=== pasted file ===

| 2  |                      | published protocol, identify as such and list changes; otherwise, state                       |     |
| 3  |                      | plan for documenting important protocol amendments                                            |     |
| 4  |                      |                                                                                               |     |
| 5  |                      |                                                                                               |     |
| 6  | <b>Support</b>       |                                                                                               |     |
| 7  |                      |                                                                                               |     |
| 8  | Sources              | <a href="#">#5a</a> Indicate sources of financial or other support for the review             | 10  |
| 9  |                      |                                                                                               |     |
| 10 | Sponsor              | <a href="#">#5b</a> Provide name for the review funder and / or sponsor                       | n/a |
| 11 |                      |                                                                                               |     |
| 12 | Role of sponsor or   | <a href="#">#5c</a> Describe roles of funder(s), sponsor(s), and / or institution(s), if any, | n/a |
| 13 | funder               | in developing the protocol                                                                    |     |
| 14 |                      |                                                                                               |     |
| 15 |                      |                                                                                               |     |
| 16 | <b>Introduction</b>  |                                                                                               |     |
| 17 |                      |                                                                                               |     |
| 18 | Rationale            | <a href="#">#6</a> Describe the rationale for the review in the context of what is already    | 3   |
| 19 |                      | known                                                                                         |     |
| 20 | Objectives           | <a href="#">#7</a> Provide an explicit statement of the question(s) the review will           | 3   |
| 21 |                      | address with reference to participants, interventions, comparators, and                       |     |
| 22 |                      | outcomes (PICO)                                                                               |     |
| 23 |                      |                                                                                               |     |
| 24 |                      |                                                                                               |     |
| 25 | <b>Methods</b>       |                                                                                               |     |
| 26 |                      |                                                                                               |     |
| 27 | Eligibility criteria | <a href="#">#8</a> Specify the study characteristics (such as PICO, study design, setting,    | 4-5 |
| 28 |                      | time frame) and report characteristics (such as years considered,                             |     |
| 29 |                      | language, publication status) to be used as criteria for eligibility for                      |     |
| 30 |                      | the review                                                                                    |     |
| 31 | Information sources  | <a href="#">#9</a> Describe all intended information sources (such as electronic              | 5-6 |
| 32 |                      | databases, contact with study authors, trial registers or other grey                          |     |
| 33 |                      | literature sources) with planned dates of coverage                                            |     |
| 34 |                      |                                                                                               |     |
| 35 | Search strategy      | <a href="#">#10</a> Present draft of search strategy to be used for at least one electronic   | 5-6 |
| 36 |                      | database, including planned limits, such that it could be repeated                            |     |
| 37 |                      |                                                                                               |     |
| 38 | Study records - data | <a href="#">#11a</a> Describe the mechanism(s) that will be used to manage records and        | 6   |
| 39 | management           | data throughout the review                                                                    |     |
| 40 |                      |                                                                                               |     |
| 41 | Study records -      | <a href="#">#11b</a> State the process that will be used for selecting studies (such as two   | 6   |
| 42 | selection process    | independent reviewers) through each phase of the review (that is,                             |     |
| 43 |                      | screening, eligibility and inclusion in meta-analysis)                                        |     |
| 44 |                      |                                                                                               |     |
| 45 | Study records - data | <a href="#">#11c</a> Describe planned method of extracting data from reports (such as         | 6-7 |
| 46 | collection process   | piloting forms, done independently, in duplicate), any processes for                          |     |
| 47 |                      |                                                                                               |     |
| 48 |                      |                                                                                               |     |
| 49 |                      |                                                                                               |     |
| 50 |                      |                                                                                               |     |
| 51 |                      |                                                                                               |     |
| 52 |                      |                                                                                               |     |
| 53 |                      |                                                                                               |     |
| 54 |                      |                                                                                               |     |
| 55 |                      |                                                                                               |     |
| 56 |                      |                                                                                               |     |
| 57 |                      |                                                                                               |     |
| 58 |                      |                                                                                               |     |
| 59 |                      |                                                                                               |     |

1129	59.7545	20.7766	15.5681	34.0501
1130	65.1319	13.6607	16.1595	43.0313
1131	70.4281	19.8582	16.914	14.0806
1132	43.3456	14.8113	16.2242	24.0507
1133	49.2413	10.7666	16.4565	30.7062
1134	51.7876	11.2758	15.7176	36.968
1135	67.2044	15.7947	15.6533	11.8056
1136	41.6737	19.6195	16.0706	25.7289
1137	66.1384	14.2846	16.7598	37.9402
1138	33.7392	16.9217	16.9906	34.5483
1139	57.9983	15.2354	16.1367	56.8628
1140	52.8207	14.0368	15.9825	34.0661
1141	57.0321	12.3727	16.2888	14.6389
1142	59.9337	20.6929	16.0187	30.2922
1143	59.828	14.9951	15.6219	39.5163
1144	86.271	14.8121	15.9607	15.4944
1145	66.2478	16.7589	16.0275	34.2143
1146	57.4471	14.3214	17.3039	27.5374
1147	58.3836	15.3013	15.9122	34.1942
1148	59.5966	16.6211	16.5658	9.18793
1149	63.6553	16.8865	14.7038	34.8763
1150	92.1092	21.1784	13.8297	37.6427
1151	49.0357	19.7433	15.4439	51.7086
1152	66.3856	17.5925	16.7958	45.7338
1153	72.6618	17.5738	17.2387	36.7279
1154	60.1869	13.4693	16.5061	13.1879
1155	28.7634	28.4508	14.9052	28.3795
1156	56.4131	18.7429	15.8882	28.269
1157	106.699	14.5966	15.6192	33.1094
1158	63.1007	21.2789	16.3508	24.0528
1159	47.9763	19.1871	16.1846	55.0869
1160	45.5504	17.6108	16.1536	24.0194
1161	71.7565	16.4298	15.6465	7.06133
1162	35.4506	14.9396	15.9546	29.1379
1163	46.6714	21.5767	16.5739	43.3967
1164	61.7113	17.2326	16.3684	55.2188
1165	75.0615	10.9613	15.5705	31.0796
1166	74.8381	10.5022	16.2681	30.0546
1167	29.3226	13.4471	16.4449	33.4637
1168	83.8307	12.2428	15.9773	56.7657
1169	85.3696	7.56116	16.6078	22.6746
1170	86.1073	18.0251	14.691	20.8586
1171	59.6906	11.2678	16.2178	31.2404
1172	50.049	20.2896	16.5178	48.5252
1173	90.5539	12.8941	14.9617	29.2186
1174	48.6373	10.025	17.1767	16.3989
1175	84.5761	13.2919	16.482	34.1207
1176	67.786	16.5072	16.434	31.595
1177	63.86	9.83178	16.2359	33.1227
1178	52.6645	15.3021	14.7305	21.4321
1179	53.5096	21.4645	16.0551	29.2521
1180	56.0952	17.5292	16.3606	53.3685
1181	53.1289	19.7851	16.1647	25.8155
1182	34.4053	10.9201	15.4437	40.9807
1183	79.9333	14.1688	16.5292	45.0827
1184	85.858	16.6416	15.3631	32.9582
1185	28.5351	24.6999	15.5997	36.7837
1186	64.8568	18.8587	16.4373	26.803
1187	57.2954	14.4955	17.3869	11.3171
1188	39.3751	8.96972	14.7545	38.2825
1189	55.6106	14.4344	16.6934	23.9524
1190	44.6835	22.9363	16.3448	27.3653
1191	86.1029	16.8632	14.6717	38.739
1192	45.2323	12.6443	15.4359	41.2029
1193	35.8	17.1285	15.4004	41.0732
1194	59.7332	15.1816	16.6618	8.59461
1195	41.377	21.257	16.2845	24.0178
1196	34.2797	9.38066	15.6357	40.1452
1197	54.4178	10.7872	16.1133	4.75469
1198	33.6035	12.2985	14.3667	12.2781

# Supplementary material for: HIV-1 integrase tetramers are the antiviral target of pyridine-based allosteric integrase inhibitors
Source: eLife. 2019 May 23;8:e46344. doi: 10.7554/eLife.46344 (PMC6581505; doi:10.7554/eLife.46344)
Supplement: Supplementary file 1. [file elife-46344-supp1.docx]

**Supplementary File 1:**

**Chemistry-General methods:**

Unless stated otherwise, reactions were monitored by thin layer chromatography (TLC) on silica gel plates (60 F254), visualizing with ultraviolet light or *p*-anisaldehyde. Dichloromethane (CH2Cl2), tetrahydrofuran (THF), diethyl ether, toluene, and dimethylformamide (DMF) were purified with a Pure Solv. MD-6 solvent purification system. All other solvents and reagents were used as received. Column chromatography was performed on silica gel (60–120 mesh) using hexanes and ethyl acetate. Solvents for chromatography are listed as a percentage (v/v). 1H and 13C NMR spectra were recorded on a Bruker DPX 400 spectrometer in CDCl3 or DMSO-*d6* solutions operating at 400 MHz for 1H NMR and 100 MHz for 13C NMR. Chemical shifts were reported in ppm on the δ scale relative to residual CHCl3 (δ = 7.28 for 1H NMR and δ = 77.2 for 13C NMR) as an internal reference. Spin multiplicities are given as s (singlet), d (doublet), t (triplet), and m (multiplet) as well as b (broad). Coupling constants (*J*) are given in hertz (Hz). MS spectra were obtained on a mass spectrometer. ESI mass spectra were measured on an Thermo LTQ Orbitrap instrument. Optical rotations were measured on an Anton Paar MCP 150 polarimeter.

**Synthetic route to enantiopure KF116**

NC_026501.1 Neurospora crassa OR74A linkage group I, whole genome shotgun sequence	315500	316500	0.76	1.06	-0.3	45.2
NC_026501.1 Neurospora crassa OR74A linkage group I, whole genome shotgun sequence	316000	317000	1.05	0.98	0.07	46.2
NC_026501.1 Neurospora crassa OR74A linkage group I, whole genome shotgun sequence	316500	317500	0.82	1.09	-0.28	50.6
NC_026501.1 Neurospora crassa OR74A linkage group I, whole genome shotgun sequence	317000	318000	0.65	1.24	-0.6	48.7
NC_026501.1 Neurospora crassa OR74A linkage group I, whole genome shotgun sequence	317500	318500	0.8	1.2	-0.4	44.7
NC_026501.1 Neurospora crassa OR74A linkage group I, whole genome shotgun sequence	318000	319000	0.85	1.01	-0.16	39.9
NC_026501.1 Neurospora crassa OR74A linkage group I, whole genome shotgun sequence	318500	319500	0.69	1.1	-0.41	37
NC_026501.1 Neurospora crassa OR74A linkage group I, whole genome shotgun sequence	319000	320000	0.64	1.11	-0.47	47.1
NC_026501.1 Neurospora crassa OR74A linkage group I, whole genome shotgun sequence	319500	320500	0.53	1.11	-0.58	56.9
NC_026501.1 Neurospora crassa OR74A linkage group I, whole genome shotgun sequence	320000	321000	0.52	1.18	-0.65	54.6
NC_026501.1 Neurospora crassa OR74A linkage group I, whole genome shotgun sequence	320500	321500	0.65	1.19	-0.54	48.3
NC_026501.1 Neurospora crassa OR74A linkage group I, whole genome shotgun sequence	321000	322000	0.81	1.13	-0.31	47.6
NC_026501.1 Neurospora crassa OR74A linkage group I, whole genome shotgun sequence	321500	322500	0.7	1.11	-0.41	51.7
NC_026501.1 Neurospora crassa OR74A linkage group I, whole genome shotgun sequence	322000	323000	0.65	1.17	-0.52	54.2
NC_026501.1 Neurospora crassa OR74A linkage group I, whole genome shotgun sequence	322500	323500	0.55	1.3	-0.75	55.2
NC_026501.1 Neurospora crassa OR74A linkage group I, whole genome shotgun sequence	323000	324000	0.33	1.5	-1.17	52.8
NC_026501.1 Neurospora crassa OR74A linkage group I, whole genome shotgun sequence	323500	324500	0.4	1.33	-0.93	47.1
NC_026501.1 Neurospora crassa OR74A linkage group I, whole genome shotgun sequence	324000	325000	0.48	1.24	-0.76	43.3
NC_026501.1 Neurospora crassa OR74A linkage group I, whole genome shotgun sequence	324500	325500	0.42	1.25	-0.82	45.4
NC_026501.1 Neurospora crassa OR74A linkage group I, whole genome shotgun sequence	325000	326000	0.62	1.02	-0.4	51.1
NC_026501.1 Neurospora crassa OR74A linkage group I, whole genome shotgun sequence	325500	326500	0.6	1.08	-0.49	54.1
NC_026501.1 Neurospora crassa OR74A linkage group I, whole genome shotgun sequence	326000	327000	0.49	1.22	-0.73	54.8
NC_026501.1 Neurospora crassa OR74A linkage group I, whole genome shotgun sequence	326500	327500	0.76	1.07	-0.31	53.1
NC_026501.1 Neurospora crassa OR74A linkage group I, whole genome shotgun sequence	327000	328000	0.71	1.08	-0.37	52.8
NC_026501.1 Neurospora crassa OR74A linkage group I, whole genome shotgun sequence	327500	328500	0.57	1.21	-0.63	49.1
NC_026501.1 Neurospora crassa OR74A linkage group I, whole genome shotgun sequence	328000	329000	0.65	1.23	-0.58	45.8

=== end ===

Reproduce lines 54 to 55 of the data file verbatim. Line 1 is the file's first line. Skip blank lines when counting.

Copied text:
| 55 |                      |                                                                                               |     |
| 56 |                      |                                                                                               |     |